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Propane growing agriculture presence

December 1, 2005 By    

The agriculture market accounts for more than 10 percent of all odorized propane sales in the United States – almost 1.5 billion gallons a year. Agriculture is a business, so for propane to be a leading agricultural energy choice, our industry must always look for new and improved technologies that provide sound business solutions for the farmer. The propane industry, through the Propane Education & Research Council (PERC), is funding research and development efforts that do just that.

 Robert Jacobs

Robert Jacobs

Propane’s agricultural uses are diverse, and our industry has left no stone unturned in examining uses throughout agriculture.

For poultry producers, sanitation is a critical management practice since bird health is largely dependent on a clean living environment. Popular chemical methods of sanitation can have limited effectiveness and leave residues. According to PERC–funded tests conducted by the University of Arkansas, flame treatments result in significant reductions in the key pathogens that are normally present in poultry barns. Armed with this knowledge, a propane-powered Poultry House Sanitizer was developed and is now sold by Flame Engineering. Early adopters of flame sanitation are discovering economic benefits including decreased mortalities, improved growth rates and feed efficiency. Flame treatments consume 47 gallons of propane per house, compared to $300-$400 for chemical treatments. There are approximately 54,500 broiler and turkey farms in the country, so if each farm has just one house sanitized four times per year, this represents 10.2 million gallons of new propane demand.

Another project of particular interest to PERC is steam weed control. PERC supported the development and demonstration of the Atarus Stinger steam weed control machine, which is marketed by D.J. Batchen Pty. Ltd., of Australia. This machine uses propane and water to generate an 800-degree Fahrenheit steam that when directed on plants, causes the plants to die. Successful field trials have generated significant interest among vineyard and orchard growers in the U.S. Additional demonstration efforts are planned for 2006. Approximately 77 million gallons of propane would be required annually to control weeds in just the top 20 orchard and vineyard crops.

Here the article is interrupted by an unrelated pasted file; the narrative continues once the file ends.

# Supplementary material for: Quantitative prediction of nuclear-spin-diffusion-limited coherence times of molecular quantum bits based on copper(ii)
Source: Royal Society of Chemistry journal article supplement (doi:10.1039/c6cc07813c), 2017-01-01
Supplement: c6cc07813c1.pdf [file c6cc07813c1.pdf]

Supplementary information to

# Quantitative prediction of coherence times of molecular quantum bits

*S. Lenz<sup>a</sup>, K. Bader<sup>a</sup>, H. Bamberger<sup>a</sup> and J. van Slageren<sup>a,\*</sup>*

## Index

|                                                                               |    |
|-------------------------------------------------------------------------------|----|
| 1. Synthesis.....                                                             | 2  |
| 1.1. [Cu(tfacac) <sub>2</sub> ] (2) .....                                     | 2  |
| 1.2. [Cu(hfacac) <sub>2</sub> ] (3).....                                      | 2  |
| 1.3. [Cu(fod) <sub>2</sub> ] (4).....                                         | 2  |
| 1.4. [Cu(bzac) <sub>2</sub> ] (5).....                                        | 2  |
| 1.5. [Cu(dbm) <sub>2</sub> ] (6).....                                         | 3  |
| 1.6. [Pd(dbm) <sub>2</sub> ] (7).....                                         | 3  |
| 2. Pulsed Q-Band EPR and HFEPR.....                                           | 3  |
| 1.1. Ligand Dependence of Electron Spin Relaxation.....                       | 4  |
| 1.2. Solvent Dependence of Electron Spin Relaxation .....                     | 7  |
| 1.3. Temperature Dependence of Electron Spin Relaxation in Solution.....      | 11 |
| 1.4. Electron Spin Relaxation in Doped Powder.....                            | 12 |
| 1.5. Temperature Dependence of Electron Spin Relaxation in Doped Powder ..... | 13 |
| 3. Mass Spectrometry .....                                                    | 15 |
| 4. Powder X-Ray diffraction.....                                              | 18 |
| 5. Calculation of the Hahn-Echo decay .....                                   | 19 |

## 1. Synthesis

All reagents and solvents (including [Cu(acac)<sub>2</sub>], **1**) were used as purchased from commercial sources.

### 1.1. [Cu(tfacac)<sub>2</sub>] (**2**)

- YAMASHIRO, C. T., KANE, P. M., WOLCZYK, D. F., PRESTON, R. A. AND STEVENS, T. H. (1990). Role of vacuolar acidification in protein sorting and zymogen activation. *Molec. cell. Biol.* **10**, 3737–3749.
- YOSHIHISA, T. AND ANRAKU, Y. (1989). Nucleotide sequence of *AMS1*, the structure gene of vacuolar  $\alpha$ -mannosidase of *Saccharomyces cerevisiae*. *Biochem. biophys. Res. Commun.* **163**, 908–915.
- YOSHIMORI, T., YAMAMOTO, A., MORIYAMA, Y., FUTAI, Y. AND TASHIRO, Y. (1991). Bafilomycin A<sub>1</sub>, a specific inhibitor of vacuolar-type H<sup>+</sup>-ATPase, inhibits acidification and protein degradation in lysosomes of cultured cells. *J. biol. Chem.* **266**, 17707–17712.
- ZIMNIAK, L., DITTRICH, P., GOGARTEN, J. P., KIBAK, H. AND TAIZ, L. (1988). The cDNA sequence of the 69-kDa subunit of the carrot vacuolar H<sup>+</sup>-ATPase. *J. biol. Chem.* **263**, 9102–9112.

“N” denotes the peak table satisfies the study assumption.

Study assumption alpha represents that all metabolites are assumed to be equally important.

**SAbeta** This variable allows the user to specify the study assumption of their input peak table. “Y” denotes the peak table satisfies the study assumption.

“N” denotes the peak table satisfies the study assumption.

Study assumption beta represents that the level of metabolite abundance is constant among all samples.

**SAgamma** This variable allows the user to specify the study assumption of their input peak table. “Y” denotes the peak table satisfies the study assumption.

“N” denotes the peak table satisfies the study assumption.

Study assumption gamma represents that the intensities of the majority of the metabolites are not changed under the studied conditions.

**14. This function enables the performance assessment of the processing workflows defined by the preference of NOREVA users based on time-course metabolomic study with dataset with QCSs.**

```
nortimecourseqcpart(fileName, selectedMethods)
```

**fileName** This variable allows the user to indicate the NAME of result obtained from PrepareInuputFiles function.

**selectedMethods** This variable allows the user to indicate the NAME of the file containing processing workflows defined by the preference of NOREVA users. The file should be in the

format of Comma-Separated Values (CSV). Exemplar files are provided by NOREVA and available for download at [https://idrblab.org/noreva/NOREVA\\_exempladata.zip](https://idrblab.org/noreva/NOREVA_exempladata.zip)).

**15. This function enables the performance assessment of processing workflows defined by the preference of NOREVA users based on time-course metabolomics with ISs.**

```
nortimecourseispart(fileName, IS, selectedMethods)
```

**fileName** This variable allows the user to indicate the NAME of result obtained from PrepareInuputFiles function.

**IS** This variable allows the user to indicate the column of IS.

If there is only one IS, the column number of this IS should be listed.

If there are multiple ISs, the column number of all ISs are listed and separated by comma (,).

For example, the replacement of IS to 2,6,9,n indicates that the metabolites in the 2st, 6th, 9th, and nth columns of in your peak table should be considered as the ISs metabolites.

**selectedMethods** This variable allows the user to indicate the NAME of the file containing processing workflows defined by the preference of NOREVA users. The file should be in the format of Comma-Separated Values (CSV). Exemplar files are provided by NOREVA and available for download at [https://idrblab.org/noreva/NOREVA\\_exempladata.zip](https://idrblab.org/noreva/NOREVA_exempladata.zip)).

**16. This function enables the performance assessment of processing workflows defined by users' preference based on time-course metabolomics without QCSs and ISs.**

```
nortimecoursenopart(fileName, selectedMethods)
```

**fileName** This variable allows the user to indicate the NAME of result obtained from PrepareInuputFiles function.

With those two new technologies already on the market, you can see that our industry has made tremendous progress since the Propane Agriculture Roadmap was adopted in 2002. In the coming months and years, we will not only maintain, but also strengthen our presence in the agricultural business.

One of our goals is to promote and assist in the development of advanced technology propane engines that position propane in the eyes of farmers as a viable solution to ever-tightening emissions regulations. Other goals include developing solutions to other pest problems on the farm, developing new harvest aid practices and creating environmentally friendly management solutions for agriculture waste. One such harvest aid practice is the thermal defoliation of cotton using propane heat, which provides yet another alternative to chemical treatments.

And that’s just the beginning! Seeking and developing new technologies is only part of our task. We must continuously promote the message that propane is a cost effective, diverse and environmentally friendly energy source for agriculture. To spread these messages, PERC is developing new communications tools. The Agriculture Cost Estimator is online at Also, take advantage of news releases, brochures and other information available at to help communicate with agriculture customers.

I am proud to be part of an industry that has a true commitment to helping the U.S. agriculture sector remain strong and competitive. It is only with your dedication and assistance that PERC is able to develop and promote propane as the exceptional energy for agriculture. I encourage you to get involved and stay informed as propane’s presence in the agricultural world continues to grow.

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